Vettel settles argument on the track

German takes pole for Red Bull at British Grand Prix where the threat of a rebel series is overshadowing Silverstone's swansong
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The Independent Online

"We want to make this a truly memorable event, to go out on a high," Robert Brooks, the chairman of the British Racing Drivers' Club, said at Silverstone this weekend. History, however, may come to remember this event as a watershed for the sport rather than just the last FIA Formula One World Championship grand prix to be held there.

Until qualifying yesterday, which saw Sebastian Vettel, Rubens Barrichello and Mark Webber take the three top slots and local heroes Jenson Button and Lewis Hamilton qualify in only sixth and 19th places respectively, the arguments off the Northamptonshire track far outweighed activities upon it.

Back in the winter of 1980 the teams' alliance, known as FOCA, went to war with the FISA, forerunner of what we know today as the FIA. Bernie Ecclestone and Max Mosley led a crusade to wrest power from mercurial governing body president, Jean-Marie Balestre, planning their own grandly titled World Federation of Motor Sport breakaway series.

"It was," Mosley once remembered, "rather like a story Colin Chapman once told me about an Austrian town that was besieged. They only had one cow but they repainted it daily to fool their enemy that they had more food than they really had. It was the same for us." Just as Ecclestone and Mosley prepared to throw in their audacious hand, Balestre capitulated. The FIA retained sporting and technical control of the sport, but the commercial side passed to Ecclestone.

What finally erupted this weekend at Silverstone made all that look like a spat in a kindergarten, and had been a long time coming. It had its roots, of course, in the interminable argument about cost cutting and budget caps. But when the eight Formula One Teams' Association (FOTA) members – Ferrari, McLaren Mercedes, Brawn, BMW Sauber, Toyota, Renault, Red Bull and Toro Rosso – declined to lift the conditions they had placed on their entries to the 2010 FIA Formula One World Championship, and announced their intention to stage their own breakaway series next year, it had little to do with money.

Instead it is all about the governance of the sport. For which, read the manner in which Mosley runs things. Quite simply, the teams have had enough of his hardline tactics and are set on going their own way unless he takes a step back and some measure of mutually acceptable sanity can be restored. Mosley dismissed the renegades as "loonies", which merely tended to endorse their claims about his management.

Williams (for the time being) and Force India have announced their intention to stand firm with the FIA. The newly accepted newcomers US F1, Campos Meta and Manor diplomatically said nothing. Prodrive, Lola and N Technology, all of them refused entries, rubbed their hands and made a beeline to FOTA representatives.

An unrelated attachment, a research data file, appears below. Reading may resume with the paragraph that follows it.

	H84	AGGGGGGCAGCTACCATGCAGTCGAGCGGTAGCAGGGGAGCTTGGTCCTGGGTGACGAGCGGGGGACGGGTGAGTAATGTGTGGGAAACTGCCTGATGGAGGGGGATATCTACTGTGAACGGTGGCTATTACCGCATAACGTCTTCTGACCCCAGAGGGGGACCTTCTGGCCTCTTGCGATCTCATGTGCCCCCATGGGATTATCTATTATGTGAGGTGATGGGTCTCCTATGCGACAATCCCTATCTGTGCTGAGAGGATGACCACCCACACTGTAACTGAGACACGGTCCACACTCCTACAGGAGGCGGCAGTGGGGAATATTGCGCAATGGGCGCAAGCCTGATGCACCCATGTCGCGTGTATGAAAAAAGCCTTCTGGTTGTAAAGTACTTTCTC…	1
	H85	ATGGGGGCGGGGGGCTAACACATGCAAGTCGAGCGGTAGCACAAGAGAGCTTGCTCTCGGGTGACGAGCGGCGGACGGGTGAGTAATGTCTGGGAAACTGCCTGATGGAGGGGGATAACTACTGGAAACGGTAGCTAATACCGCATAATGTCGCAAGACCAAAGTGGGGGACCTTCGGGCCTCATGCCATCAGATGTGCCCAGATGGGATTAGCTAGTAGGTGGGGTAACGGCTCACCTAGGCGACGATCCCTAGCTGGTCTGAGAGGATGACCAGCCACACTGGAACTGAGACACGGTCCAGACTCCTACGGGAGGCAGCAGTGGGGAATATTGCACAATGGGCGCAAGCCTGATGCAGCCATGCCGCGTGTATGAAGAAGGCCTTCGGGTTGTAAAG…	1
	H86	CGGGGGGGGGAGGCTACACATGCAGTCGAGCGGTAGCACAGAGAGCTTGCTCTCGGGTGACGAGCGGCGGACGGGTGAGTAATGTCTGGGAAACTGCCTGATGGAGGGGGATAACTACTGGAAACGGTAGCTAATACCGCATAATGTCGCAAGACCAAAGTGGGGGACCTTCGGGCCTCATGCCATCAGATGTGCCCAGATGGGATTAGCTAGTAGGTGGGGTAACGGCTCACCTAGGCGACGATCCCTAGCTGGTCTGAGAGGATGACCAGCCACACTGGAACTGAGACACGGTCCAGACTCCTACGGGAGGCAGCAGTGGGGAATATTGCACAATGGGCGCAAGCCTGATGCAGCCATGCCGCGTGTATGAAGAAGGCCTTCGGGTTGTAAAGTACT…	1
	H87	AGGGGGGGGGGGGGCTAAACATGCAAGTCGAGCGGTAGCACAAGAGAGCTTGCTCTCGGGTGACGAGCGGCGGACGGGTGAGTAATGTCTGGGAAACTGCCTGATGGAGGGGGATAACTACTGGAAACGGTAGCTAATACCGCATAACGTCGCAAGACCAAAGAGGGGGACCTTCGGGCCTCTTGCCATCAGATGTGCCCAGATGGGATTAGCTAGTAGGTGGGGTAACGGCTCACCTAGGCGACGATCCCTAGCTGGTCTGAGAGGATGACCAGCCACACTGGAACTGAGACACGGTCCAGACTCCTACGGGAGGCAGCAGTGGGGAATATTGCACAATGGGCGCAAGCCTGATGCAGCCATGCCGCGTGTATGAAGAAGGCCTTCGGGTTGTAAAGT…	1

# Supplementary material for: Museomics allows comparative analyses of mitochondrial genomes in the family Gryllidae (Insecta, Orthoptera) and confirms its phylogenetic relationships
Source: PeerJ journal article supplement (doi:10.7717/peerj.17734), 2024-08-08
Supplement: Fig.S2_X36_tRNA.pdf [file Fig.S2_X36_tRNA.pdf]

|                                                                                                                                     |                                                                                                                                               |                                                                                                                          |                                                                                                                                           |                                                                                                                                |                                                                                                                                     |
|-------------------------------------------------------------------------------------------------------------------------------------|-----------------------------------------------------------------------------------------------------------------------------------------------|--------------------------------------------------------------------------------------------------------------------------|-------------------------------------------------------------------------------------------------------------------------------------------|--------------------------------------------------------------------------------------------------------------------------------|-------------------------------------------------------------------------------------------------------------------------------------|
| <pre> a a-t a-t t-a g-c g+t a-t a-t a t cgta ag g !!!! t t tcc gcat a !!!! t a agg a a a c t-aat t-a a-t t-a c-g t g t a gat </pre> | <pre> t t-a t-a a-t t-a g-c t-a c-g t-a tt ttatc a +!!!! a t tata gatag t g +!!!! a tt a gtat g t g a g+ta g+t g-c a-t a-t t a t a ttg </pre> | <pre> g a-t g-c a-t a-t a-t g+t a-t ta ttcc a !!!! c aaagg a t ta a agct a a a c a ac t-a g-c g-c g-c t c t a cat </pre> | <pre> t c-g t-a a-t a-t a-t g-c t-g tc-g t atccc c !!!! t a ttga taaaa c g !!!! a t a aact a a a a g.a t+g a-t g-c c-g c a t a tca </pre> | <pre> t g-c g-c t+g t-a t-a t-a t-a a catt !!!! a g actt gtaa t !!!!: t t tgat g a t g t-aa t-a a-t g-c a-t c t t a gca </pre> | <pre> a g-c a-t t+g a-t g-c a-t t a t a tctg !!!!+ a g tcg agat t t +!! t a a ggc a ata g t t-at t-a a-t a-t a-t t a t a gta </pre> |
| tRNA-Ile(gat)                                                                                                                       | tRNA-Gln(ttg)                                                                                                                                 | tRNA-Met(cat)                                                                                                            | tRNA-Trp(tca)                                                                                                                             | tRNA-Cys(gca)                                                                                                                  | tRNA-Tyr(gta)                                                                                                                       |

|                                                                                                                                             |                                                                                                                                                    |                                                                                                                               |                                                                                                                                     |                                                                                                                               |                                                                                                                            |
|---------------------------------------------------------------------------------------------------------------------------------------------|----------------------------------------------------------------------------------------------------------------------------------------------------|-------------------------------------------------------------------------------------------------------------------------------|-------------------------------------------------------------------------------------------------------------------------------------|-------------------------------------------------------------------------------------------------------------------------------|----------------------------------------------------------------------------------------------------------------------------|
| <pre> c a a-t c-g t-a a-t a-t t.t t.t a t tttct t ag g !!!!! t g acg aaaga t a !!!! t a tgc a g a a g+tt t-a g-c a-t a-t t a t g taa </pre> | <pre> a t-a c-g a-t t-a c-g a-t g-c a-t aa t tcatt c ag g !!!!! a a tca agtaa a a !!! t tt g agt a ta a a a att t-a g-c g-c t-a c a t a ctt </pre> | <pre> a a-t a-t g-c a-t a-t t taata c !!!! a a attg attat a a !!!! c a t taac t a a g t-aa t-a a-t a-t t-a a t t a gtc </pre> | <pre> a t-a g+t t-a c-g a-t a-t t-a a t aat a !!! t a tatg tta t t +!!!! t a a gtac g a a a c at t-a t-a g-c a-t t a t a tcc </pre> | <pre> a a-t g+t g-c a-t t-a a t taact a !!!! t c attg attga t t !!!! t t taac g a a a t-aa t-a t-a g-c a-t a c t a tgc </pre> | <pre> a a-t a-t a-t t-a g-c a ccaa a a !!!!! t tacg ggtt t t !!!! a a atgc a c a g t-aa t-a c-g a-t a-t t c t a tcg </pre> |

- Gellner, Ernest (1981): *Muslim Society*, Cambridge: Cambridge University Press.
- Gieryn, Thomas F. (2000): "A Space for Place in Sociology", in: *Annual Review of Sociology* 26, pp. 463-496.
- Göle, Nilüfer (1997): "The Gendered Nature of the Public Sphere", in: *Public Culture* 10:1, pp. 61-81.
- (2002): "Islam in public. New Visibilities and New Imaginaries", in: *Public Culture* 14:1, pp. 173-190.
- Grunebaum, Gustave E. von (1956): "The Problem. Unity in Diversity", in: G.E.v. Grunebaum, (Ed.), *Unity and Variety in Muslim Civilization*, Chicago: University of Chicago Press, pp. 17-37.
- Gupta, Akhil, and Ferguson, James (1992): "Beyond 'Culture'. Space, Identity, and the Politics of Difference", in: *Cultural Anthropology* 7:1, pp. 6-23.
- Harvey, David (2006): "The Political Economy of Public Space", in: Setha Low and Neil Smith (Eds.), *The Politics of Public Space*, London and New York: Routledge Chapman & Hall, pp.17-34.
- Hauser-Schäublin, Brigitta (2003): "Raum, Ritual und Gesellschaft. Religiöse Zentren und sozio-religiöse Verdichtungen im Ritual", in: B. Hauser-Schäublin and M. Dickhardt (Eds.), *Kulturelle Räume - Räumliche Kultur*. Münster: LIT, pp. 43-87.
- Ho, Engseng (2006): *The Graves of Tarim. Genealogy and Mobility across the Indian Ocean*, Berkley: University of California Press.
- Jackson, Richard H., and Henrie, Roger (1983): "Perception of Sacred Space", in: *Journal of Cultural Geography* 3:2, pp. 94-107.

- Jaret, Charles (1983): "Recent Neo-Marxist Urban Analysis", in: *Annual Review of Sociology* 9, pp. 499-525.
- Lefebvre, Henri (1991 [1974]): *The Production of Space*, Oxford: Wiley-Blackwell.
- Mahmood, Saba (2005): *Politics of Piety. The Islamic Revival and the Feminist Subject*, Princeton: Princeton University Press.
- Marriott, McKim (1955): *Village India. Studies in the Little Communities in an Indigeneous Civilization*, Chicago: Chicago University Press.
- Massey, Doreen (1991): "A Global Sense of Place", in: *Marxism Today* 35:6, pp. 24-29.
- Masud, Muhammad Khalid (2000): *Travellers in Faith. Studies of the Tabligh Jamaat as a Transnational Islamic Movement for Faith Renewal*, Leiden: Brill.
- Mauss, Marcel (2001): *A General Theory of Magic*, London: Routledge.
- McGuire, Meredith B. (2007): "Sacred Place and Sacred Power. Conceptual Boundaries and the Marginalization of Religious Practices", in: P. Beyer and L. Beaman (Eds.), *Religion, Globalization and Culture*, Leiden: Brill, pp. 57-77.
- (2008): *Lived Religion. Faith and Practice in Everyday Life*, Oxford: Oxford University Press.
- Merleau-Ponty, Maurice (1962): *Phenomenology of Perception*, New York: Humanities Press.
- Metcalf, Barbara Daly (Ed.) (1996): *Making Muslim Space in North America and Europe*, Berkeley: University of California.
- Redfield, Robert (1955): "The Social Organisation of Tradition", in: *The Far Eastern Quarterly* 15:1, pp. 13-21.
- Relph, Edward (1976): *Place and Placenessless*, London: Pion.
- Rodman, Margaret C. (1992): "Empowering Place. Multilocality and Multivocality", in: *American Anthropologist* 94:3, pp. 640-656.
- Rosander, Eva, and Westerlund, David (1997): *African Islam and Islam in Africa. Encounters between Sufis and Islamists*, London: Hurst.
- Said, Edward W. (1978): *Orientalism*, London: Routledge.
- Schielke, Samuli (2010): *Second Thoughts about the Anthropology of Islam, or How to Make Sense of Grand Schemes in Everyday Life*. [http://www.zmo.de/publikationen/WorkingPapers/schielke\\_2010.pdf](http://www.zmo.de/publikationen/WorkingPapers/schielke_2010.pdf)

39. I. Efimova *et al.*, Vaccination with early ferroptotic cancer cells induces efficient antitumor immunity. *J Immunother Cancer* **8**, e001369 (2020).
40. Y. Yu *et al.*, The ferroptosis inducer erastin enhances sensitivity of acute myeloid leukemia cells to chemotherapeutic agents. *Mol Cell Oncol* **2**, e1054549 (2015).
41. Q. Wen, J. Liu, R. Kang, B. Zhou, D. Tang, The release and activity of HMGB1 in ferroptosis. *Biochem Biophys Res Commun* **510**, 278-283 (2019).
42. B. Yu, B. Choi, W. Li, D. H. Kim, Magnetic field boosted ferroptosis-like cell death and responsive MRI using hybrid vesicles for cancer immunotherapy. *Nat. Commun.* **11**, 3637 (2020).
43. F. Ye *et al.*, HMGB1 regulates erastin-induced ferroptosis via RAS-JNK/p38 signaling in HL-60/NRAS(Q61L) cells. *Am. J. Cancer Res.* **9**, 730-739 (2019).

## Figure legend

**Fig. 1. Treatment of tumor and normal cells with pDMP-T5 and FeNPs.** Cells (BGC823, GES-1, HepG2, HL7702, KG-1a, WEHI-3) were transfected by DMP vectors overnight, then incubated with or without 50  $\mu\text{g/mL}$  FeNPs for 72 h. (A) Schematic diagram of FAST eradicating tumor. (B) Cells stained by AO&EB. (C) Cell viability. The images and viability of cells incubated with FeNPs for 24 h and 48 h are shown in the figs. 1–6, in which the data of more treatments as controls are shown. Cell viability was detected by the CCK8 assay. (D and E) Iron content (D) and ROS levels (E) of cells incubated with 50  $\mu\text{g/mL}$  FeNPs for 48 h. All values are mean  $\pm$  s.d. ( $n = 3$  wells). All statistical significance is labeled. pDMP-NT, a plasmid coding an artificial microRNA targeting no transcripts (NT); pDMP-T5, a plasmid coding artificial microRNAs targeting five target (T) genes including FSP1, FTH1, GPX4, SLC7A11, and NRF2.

"We believe that we should encourage new teams," said McLaren's Martin Whitmarsh. "If we had, say, 15 teams, we would be quite happy and could accommodate that number as we grow the sport."

The moment the FOTA cat escaped the FIA bag, it ran around the paddock chased by all the dogs of war. Would the breakaway really happen? Would Mosley be obliged to stand down or would he tough it out, as he did so successfully after his sex scandal last year? Might Ecclestone affect the impossible, and bring all the warring parties back under the umbrella of peace?

Meanwhile the only capacity crowd of 2009 savoured the sight of their beloved cars and drivers in action. In vain we waited for Button's usual fast laps. But all weekend it was clear that Brawn were struggling and Red Bull had taken a step forward with another new aerodynamic package. Vettel had no real trouble annexing pole. Webber provided some much-needed humour when he slammed Kimi Raikkonen. "I don't know whether Kimi was drinking some vodka or dreaming, I don't know what he was doing," the Australian growled, "but he was totally asleep on the back straight. He should have been on the right at Stowe instead of on the left, and basically he just didn't care, so that ruined my best lap."

Vettel was beaming. "It's been a fantastic weekend, from the beginning to the end not a single problem," he said. "I had two very good laps in Q3. The second one was the best of the weekend. I was able to use the tyres perfectly well and brought the lap to the chequered flag. I was surprised how quick I was, and finally it was enough."

Barrichello was happy, too, especially as he was way ahead of Button. "My best lap of the weekend was in Q3, I need to check whether I breathed during it, but it was such a nice one," said the Brazilian. "The only negative is why the hell are they taking this race away from here? You can see the fans, big efforts have been made to get us all in here, the track is safe and we saw [Adrian] Sutil walk away from a big impact. The only thing you can't change is the British weather."

There was a ray of sunshine, however. Ecclestone revealed yesterday that there will be a British Grand Prix in 2010 and that Silverstone will host it if Donington Park cannot be readied in time, after fears that the race might follow the French GP off the calendar. "We've got an agreement with Donington and I'm hoping they can complete the agreement and do all the things they are supposed to do," he said. "And if they can't, for sure we will come back to Silverstone."

Perhaps all is not lost, after all.